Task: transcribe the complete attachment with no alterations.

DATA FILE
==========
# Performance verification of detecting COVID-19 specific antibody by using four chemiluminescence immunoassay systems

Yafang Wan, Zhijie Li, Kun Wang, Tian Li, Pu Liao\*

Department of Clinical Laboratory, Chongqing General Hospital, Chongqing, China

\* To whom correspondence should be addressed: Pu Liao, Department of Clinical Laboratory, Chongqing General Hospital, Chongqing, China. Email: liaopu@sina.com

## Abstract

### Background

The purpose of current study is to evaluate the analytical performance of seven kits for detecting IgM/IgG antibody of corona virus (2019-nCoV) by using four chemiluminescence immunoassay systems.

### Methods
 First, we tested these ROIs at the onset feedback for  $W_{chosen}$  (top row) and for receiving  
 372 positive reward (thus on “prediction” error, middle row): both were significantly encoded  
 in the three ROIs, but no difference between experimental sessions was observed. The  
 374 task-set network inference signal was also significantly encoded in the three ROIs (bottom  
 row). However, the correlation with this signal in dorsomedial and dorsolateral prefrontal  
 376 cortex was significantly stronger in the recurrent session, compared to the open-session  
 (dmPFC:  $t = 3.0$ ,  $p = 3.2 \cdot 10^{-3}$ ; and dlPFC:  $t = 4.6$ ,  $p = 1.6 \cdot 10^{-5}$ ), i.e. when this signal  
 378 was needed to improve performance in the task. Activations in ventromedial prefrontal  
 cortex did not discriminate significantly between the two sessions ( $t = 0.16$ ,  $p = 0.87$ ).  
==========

# Performance verification of detecting COVID-19 specific antibody by using four chemiluminescence immunoassay systems

Yafang Wan, Zhijie Li, Kun Wang, Tian Li, Pu Liao\*

Department of Clinical Laboratory, Chongqing General Hospital, Chongqing, China

\* To whom correspondence should be addressed: Pu Liao, Department of Clinical Laboratory, Chongqing General Hospital, Chongqing, China. Email: liaopu@sina.com

## Abstract

### Background

The purpose of current study is to evaluate the analytical performance of seven kits for detecting IgM/IgG antibody of corona virus (2019-nCoV) by using four chemiluminescence immunoassay systems.

### Methods
 First, we tested these ROIs at the onset feedback for  $W_{chosen}$  (top row) and for receiving  
 372 positive reward (thus on “prediction” error, middle row): both were significantly encoded  
 in the three ROIs, but no difference between experimental sessions was observed. The  
 374 task-set network inference signal was also significantly encoded in the three ROIs (bottom  
 row). However, the correlation with this signal in dorsomedial and dorsolateral prefrontal  
 376 cortex was significantly stronger in the recurrent session, compared to the open-session  
 (dmPFC:  $t = 3.0$ ,  $p = 3.2 \cdot 10^{-3}$ ; and dlPFC:  $t = 4.6$ ,  $p = 1.6 \cdot 10^{-5}$ ), i.e. when this signal  
 378 was needed to improve performance in the task. Activations in ventromedial prefrontal  
 cortex did not discriminate significantly between the two sessions ( $t = 0.16$ ,  $p = 0.87$ ).  